Other policies detailed by Fortify Rights, based in Southeast Asia, include restrictions on movement and marriage by the Rohingya who live mainly in Myanmar's northeastern Rakhine State.
The group says its 79-page report, released Tuesday, is based "primarily on the analysis of 12 leaked official documents and a review of public records, as well as interviews with Rohingya and others in Myanmar and Thailand."
The report, "Policies of Persecution: Ending Abusive State Policies Against Rohingya Muslims in Myanmar," says "Regional Order 1/2005," obtained by Fortify Rights, lays the foundation for a two-child policy enforced in Maungdaw and Buthidaung townships.
The order states Rohingya "who have permission to marry" must "limit the number of children, in order to control the birth rate so that there is enough food and shelter."
Fortify Rights said the order "translates to a strict two-child policy" and "prohibits Rohingya from having children out of wedlock."
The report also claims Rohingya in Rakhine must have official permission to travel between townships or out of the state.
"The government is systematically persecuting Rohingya on the basis of ethnicity, religion and, at times, gender," said Matthew Smith, director and founder of Fortify Rights.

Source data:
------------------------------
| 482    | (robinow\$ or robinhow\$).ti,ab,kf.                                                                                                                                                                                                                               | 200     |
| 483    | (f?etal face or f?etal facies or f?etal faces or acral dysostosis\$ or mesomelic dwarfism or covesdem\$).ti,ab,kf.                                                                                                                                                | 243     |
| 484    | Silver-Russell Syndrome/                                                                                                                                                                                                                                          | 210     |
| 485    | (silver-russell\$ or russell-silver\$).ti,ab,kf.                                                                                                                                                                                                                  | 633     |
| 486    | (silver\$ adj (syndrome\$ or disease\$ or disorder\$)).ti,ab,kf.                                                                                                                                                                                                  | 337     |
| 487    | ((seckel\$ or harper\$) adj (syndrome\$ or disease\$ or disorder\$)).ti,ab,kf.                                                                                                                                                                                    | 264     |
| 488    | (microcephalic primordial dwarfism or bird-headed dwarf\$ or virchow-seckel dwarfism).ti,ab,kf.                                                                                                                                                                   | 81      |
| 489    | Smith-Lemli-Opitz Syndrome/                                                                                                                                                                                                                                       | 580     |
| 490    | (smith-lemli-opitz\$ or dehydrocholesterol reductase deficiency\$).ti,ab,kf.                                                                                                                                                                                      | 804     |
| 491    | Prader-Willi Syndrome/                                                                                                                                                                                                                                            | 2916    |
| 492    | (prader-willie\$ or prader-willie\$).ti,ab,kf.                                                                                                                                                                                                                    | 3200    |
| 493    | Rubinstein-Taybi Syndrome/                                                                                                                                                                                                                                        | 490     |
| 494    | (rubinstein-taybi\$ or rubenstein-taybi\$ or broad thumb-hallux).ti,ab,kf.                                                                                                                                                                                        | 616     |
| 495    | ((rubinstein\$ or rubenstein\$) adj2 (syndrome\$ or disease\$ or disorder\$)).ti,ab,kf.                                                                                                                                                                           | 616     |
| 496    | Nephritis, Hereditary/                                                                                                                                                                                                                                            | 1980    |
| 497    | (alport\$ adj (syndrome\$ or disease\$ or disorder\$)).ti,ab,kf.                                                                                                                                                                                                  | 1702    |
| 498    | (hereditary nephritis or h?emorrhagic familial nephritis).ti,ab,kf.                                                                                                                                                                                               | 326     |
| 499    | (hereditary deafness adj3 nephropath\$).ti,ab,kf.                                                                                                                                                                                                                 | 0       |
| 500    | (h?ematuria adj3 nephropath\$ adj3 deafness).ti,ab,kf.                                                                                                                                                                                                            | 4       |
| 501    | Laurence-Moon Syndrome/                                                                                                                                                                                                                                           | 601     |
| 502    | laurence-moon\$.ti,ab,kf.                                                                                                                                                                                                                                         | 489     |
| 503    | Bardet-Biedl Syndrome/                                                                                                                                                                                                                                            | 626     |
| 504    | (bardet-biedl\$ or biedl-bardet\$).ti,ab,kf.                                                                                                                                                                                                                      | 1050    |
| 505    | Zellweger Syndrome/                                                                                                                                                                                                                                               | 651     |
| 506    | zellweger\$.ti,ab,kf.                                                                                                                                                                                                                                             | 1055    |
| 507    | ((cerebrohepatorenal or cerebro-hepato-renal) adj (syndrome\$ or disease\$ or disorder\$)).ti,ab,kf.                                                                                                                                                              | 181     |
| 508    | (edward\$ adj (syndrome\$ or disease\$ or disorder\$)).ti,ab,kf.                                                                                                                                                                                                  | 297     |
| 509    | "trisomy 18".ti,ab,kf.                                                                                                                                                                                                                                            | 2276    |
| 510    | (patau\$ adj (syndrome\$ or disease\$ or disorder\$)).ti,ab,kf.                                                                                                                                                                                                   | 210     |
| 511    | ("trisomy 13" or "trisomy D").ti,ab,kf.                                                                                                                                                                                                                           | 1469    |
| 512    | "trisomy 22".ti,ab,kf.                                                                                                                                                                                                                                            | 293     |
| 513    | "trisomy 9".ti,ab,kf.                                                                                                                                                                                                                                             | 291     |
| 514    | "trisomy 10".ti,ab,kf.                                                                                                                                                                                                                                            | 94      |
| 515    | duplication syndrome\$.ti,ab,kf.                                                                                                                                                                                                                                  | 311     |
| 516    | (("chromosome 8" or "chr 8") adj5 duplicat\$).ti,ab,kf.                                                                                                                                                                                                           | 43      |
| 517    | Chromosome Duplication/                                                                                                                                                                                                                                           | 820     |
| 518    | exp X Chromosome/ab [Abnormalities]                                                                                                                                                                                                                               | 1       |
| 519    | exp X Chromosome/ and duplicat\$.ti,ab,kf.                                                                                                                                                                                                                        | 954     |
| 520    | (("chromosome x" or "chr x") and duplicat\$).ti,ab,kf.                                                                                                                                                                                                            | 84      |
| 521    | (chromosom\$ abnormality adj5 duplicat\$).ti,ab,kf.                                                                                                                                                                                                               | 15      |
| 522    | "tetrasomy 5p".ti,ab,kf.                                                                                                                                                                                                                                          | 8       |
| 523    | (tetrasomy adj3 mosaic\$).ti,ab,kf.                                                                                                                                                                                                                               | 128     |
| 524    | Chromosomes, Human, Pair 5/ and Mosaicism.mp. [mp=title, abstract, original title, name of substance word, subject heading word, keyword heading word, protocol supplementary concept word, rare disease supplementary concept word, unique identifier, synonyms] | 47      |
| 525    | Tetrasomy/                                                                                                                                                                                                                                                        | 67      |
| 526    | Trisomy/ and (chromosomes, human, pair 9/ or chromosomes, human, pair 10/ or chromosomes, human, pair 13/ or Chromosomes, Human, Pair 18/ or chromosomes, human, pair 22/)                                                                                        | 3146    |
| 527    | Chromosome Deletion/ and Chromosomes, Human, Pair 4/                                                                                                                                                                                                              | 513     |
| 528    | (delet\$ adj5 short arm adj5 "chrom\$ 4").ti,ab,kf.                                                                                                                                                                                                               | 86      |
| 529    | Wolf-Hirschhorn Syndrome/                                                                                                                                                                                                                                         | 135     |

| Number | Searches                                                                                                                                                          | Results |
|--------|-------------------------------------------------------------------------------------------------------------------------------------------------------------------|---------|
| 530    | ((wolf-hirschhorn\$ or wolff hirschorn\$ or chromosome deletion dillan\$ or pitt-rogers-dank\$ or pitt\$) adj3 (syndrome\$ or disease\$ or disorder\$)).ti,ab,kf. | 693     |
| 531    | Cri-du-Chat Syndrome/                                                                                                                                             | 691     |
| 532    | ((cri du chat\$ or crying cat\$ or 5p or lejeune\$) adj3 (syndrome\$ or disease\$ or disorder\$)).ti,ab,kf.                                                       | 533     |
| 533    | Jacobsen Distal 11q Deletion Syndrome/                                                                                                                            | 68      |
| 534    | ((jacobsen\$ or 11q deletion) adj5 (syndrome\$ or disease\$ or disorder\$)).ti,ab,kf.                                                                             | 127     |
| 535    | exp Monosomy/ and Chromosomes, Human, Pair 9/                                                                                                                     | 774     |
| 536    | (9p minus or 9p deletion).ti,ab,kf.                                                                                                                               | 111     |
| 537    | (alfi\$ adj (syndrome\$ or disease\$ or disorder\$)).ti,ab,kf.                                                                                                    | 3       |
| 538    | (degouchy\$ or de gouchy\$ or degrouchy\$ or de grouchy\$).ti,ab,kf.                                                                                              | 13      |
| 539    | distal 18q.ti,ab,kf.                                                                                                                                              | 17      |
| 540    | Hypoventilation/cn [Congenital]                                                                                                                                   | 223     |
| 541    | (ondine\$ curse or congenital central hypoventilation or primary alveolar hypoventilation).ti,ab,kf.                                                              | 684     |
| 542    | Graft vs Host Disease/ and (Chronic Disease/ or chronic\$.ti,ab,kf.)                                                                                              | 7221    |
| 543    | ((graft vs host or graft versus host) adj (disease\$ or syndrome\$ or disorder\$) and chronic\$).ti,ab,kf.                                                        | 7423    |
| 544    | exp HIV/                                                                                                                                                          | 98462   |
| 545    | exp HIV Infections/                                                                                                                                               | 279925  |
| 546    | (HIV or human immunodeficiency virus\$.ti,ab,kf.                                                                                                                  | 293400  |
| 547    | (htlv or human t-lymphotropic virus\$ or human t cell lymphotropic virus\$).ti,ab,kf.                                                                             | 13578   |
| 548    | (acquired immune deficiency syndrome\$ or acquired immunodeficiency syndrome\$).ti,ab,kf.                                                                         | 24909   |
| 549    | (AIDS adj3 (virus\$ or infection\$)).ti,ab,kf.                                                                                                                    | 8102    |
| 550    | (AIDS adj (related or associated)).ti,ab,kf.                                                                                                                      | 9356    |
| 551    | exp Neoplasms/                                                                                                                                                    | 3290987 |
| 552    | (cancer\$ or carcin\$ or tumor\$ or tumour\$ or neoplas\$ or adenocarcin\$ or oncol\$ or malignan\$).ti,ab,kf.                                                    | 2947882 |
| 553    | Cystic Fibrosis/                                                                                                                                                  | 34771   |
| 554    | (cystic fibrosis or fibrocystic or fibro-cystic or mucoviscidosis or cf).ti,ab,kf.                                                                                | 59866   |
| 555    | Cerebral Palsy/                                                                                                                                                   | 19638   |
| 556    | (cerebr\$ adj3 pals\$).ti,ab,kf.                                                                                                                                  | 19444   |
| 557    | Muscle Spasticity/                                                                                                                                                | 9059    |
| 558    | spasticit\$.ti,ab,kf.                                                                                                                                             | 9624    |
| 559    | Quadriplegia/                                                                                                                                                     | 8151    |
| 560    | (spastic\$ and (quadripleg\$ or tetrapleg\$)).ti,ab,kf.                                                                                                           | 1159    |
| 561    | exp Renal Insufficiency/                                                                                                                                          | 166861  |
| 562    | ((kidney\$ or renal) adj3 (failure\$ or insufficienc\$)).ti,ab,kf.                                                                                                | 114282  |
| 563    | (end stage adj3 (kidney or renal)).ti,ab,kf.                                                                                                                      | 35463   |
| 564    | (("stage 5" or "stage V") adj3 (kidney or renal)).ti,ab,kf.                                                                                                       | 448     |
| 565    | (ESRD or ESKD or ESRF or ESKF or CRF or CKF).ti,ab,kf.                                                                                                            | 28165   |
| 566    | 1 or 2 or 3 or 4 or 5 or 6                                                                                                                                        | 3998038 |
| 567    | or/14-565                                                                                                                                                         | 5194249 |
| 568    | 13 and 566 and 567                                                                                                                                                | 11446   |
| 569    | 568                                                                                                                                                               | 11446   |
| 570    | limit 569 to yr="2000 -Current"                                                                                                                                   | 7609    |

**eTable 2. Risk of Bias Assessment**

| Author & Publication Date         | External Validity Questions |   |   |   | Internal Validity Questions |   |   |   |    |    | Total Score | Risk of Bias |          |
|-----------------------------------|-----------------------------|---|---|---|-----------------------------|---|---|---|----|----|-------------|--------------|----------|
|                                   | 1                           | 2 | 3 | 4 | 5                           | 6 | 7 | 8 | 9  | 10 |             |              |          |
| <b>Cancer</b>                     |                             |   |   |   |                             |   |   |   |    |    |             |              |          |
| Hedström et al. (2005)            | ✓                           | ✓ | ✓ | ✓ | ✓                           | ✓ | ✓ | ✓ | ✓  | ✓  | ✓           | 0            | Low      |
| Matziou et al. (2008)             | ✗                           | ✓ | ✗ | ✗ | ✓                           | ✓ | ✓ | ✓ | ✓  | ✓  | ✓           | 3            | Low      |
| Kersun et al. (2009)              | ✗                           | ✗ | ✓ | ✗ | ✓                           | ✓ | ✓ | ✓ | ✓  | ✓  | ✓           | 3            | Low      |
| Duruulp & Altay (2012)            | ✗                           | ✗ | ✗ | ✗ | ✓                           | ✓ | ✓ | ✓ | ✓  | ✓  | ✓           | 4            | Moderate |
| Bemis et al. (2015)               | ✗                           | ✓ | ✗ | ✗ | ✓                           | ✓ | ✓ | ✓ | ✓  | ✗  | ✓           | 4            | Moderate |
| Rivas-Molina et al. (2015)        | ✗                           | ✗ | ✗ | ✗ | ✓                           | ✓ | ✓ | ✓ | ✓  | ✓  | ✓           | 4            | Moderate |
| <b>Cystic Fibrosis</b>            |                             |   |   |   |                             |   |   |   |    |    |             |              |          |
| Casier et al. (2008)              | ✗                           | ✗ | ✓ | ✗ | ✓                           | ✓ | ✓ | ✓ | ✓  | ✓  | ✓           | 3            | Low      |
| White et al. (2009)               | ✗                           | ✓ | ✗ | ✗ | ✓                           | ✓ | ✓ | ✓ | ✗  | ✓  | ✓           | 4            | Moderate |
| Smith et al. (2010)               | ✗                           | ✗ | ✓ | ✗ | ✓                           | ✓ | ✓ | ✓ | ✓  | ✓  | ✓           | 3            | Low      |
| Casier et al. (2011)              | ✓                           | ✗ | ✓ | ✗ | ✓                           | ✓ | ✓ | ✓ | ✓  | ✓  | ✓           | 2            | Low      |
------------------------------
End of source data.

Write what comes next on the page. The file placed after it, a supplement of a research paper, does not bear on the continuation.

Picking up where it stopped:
"Rohingya women, in particular, find themselves in the cross-hairs of these targeted policies, facing severe discrimination because they're women as well as Rohingya Muslims."
Smith said there should be an independent investigation by international groups and other groups within Myanmar into human rights abuses against Rohingya.
The treatment of Myanmar's estimated 800,000 Rohingya has been an international focus as the mostly Buddhist country struggles to evolve from decades of military dictatorship into a democracy.
Rohingya Muslims, who speak a language related to Bengali, live mostly in Rakhine on the border with Bangladesh.
The United Nations has said about 140,000 have been forced out of their homes in Rakhine and live as internal refugees, while others have fled to Bangladesh either across the border or by boat.
Anti-Muslim violence has spread to other provinces. In March last year, 43 Muslims were killed in Meiktila in the Mandalay region, while a mosque and a boarding school were burned in Lashio in Shan state the previous month.
The Office of the U.N. High Commissioner for Human Rights last month called for an "impartial investigation" into reports of mass killings of Rohingya in Rakhine.
The agency in a news release said it had received "credible information" eight Rohingya Muslim men were attacked and killed Jan. 9 in Du Chee Yar Tan. It said four days later during a clash in the same village a police sergeant was captured and killed by the Rohingya villagers.
Later the same evening, at least 40 Rohingya Muslim men, women and children were killed by police and civilians.
U.S. State Department spokeswoman Jen Psaki said last month the government was "saddened" over reports of the deaths and violence.
Myanmar's opposition leader and Nobel Peace Prize laureate Aung San Suu Kyi has spoken out against the violence.
She told the BBC in October that violence between Buddhists and Muslims in the country shows a "climate of fear" has gripped both groups, but "it's not ethnic cleansing."
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